Dozens of lawyers, many with links to India's ruling nationalist party, on Wednesday attacked protesters who have been demanding the release of a university student leader arrested under colonial-era sedition laws.
The clashes began shortly before a court hearing for Kanhaiya Kumar, the president of the students' union at the country's premier Jawaharlal Nehru University. The left-leaning campus leader has been in prison since Friday over his participation in events where anti-India slogans were allegedly shouted.
Soon after the clashes began, a grimacing and cowering Kumar was escorted onto the court premises on foot by a few policemen. Several reports said he was punched and kicked as he was taken inside the courtroom.
About a dozen lawyers threw rocks at reporters and protesters. One of them grabbed the camera strap of an Associated Press photographer, bruising his hand and breaking his lens. At least one reporter also said that the lawyers beat him and broke his cellphone while the police watched.
The attacks and Kumar's arrest highlighted allegations of increasing of intolerance in India since Prime Minister Narendra Modi's Hindu nationalist Bharatiya Janata Party came to power in 2014.
Kumar was arrested on a police complaint filed by a BJP-linked student faction over events where the anti-India shouts were alleged along with criticism of the 2013 secret hanging of a Kashmiri separatist convicted of an attack on Parliament.
The lawyers waved Indian flags and chanted slogans like “glory to Mother India” and “traitors leave India.” Many of the lawyers seen on television footage Wednesday had been involved in similar violence Monday when reporters and Kumar's supporters were beaten outside the court premises.
The violence occurred despite the Supreme Court ordering the police to ensure security ahead of Wednesday's hearing. Delhi Police chief B.S. Bassi said police were trying to identifying those involved in the violence, but no arrests have been made despite several newspapers naming the lawyers and publishing their photographs prominently.
India's sedition laws were drafted by its British colonial rulers to suppress the country's freedom struggle, and the Supreme Court has said in recent years the laws should be invoked only when there is actual evidence of incitement to violence.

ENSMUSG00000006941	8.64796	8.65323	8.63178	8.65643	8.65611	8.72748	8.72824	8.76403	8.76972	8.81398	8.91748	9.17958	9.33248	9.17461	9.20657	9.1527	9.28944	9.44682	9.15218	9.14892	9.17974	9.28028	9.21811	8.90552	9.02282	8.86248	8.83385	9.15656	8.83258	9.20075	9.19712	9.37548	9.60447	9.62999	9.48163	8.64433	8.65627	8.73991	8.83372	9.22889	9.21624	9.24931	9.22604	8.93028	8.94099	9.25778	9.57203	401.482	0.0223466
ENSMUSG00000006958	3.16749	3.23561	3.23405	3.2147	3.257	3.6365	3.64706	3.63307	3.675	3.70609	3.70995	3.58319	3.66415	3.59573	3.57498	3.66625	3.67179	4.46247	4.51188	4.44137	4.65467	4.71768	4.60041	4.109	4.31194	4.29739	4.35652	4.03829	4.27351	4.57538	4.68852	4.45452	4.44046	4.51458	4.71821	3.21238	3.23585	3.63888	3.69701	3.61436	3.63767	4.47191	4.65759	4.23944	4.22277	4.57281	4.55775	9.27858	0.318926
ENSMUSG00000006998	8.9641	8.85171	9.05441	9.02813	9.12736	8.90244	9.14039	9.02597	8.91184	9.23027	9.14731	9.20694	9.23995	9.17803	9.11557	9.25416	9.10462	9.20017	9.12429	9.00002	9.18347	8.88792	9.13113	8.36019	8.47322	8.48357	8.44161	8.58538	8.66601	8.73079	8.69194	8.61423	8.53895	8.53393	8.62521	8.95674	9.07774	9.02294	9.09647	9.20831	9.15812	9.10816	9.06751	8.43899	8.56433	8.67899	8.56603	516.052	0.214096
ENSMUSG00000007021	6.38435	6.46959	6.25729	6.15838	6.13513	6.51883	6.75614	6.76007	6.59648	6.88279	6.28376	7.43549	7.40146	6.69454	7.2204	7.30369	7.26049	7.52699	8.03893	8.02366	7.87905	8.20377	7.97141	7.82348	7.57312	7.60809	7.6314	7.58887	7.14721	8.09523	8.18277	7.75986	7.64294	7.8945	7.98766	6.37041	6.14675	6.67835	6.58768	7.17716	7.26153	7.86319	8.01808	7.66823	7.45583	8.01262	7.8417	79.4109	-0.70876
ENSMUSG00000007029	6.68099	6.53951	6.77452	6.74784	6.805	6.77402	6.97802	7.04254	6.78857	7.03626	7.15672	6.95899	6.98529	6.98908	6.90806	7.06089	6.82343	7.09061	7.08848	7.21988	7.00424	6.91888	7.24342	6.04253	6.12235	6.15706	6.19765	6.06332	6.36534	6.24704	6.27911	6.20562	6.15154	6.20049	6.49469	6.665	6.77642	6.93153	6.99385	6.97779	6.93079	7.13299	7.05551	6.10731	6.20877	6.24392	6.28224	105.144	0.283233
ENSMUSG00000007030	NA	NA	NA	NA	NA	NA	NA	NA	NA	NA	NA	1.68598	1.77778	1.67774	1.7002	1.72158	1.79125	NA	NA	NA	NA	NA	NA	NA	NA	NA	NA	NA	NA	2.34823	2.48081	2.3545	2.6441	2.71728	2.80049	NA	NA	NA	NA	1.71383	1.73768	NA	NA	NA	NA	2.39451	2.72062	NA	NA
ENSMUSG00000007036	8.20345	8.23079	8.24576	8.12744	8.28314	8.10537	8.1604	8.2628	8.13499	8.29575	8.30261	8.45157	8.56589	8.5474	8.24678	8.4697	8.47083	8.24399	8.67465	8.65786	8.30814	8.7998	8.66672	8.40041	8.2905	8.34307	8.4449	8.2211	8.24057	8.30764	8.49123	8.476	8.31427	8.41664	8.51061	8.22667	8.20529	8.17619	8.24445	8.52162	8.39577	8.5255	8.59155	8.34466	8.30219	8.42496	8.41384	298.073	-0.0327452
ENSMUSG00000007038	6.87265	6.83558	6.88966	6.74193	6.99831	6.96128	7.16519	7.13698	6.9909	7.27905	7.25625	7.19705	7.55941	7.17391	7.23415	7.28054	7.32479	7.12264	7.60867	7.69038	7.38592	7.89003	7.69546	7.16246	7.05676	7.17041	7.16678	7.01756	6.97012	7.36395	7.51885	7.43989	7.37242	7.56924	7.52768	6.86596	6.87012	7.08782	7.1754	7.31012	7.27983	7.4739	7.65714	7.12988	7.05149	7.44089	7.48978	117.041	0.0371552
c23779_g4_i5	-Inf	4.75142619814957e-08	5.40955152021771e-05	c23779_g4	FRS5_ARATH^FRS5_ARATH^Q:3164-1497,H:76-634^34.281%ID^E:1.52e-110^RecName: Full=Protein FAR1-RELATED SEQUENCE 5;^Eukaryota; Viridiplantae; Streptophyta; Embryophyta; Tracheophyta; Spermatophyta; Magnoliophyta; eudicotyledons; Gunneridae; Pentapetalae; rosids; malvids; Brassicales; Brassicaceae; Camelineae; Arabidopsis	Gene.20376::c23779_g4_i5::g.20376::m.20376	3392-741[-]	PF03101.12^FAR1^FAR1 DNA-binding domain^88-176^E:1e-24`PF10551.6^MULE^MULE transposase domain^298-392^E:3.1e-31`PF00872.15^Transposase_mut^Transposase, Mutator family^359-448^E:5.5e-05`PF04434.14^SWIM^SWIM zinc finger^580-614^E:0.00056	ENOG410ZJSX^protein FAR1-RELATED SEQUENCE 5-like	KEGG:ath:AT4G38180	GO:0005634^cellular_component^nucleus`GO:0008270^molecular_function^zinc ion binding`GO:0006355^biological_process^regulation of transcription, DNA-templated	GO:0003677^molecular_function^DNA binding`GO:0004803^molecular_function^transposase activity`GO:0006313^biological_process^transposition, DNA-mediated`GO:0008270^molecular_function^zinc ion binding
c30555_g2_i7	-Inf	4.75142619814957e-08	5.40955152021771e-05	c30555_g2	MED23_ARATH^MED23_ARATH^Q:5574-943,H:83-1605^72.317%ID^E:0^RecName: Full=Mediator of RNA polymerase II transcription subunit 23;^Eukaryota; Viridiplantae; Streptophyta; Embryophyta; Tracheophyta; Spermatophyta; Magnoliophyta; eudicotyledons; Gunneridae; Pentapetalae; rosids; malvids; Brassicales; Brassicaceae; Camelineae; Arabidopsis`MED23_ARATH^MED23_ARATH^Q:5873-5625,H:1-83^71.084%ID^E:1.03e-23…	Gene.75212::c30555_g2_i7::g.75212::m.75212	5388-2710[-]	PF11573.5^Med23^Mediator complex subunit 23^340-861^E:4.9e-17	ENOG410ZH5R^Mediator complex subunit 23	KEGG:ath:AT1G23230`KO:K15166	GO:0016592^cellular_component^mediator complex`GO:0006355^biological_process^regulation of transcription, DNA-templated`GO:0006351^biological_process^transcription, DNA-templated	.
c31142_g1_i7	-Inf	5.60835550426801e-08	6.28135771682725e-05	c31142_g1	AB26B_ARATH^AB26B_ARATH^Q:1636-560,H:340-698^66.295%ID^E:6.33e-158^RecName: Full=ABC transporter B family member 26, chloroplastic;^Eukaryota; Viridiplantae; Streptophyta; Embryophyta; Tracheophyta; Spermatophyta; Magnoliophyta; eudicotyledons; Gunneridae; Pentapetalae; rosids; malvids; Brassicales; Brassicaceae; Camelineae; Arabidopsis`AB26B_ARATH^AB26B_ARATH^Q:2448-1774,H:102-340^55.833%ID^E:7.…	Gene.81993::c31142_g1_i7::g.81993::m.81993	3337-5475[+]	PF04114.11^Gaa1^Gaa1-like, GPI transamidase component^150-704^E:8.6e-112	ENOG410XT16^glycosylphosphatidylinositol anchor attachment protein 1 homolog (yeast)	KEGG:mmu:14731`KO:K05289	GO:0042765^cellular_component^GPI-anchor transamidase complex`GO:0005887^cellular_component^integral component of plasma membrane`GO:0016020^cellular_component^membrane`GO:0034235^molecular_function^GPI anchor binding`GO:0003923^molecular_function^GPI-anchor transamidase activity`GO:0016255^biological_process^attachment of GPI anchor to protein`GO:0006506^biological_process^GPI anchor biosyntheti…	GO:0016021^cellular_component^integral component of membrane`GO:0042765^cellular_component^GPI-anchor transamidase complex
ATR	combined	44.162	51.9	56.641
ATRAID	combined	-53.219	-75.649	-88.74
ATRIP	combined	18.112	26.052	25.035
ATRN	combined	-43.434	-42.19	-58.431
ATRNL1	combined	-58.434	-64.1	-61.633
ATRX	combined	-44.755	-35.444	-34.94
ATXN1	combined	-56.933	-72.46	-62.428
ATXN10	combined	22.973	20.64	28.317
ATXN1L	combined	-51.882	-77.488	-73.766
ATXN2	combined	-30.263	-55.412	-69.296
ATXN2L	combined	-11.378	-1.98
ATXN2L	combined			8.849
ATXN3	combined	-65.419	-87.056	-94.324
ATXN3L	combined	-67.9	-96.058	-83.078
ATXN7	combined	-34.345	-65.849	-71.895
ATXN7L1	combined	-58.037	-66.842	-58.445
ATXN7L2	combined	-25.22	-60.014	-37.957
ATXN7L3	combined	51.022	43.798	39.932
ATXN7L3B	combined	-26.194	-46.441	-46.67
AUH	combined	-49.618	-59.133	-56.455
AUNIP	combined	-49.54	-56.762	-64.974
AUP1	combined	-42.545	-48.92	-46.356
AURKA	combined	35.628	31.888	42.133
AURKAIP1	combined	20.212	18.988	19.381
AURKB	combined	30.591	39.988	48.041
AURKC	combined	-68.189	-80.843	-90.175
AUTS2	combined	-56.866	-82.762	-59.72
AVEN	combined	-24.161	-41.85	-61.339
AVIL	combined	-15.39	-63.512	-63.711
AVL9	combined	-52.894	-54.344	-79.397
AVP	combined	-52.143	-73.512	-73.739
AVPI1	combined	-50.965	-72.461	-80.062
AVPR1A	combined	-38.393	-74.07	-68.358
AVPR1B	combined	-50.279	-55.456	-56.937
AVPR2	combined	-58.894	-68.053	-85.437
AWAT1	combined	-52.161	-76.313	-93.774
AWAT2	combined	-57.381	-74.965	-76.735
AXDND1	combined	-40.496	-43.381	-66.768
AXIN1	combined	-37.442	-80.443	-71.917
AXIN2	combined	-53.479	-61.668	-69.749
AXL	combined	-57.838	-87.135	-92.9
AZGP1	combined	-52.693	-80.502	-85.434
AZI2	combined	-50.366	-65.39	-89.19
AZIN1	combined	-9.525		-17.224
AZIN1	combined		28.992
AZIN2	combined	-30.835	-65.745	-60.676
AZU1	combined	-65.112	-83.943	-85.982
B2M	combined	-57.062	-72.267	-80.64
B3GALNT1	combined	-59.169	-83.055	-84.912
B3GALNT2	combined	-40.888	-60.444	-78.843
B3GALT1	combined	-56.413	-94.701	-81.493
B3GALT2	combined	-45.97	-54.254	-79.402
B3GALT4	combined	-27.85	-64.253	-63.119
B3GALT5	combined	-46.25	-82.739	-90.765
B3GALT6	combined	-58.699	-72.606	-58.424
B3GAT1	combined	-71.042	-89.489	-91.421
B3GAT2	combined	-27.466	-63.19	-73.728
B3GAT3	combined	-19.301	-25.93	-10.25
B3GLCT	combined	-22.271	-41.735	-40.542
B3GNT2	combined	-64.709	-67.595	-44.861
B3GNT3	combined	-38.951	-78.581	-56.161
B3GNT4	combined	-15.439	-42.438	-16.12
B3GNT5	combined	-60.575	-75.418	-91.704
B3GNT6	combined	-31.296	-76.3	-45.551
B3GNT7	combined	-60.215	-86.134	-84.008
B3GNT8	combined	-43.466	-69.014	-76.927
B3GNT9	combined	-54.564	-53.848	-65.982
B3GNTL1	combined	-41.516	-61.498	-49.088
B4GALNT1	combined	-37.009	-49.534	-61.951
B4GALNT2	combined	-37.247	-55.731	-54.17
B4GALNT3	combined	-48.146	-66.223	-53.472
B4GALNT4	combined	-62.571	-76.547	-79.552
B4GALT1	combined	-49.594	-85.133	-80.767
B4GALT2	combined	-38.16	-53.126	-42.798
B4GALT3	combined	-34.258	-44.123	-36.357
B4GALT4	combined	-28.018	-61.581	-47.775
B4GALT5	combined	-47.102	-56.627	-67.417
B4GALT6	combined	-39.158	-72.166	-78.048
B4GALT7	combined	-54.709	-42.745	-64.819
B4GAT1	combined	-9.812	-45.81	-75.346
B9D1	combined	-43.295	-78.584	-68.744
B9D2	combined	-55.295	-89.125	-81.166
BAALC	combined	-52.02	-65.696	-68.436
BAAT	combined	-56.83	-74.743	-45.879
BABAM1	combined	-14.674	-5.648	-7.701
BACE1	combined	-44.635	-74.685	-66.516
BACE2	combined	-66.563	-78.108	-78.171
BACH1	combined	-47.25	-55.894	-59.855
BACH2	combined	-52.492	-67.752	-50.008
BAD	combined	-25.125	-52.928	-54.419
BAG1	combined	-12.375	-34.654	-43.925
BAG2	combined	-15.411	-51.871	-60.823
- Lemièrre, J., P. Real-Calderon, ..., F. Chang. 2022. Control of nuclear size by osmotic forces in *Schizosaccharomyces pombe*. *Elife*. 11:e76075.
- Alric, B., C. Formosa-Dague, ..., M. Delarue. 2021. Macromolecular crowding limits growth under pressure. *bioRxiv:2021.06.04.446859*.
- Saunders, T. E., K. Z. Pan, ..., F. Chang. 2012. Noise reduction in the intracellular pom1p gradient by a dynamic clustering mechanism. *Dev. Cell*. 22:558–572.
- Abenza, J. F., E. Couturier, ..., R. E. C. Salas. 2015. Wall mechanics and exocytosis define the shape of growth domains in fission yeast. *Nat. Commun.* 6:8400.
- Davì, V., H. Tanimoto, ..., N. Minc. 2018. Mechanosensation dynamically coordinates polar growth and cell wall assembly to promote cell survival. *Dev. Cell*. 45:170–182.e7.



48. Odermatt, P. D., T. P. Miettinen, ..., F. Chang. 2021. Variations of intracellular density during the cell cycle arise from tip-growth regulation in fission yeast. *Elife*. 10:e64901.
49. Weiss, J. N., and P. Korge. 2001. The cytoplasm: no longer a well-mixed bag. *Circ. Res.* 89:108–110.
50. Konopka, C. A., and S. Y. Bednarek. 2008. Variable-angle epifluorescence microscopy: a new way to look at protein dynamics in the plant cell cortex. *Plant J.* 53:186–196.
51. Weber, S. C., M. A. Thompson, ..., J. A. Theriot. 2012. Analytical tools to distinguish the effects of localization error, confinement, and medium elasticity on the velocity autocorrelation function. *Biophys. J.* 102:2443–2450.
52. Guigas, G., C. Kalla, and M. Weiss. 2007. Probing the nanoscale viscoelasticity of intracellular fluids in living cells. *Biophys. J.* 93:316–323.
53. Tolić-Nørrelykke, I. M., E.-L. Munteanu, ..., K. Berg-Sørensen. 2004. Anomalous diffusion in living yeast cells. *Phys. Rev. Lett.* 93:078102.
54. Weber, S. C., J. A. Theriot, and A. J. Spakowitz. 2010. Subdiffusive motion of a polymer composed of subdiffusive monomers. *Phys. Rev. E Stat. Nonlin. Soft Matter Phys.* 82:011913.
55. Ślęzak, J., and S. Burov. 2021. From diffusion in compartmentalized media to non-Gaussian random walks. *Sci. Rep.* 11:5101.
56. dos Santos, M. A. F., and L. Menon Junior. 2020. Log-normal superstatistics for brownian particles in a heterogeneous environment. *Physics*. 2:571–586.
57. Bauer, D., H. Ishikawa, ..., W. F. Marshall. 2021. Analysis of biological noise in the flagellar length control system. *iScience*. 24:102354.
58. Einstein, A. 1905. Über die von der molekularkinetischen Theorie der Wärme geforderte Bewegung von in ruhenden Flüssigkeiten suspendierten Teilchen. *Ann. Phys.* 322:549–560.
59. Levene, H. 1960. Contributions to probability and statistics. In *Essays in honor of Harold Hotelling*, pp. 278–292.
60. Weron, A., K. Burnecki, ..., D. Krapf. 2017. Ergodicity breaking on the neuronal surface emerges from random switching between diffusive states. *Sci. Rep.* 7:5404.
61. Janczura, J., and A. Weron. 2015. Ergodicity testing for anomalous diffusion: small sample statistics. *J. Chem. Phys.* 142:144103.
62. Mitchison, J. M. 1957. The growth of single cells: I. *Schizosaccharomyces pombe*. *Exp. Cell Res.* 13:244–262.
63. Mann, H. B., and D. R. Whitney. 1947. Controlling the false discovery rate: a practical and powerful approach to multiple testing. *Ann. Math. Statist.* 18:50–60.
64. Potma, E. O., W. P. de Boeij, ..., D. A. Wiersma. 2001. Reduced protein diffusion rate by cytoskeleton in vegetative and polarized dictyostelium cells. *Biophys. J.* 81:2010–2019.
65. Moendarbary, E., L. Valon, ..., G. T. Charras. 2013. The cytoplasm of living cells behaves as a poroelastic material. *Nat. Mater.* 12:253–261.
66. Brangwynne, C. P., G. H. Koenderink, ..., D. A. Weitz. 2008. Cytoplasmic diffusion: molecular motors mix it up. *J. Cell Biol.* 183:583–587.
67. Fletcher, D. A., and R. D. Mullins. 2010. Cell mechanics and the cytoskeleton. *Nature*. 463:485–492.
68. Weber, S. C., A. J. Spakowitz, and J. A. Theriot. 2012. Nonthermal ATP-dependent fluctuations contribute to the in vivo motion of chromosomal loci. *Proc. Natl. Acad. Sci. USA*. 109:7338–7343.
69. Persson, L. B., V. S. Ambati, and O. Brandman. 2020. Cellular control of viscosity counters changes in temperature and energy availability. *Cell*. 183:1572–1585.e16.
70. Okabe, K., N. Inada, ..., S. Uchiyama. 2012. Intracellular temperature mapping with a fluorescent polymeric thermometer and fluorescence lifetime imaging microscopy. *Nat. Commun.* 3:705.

The trouble on the campus of the university, prestigious and known for students' political activism, followed a Feb. 9 event marking the anniversary of Afzal Guru's execution. Some human rights activists and most Kashmiris in the Indian-controlled portion of the region believe he was not given a fair trial.
The campus dispute escalated sharply when senior government ministers waded into it. The home minister, Rajnath Singh, tweeted that anyone shouting anti-India slogans “will not be tolerated or spared,” and Human Resource Minister Smriti Irani told reporters that “the nation can never tolerate an insult to Mother India.”
Since the arrest of Kumar, the student leader, last week, students and faculty have staged sporadic protests demanding his release and accusing the government of crushing all dissenting voices.
Niamkoi, a PhD student who uses just one name, said the random police questioning of students left many feeling intimidated.
Indian newspapers have published scathing editorials about the government's disproportionate response to an event on the university campus.
Political analyst Neerja Chowdhury described the government response as, “using an AK-47 to swat a fly.”
“If you don't question assumptions in university how are new ideas going to come about?”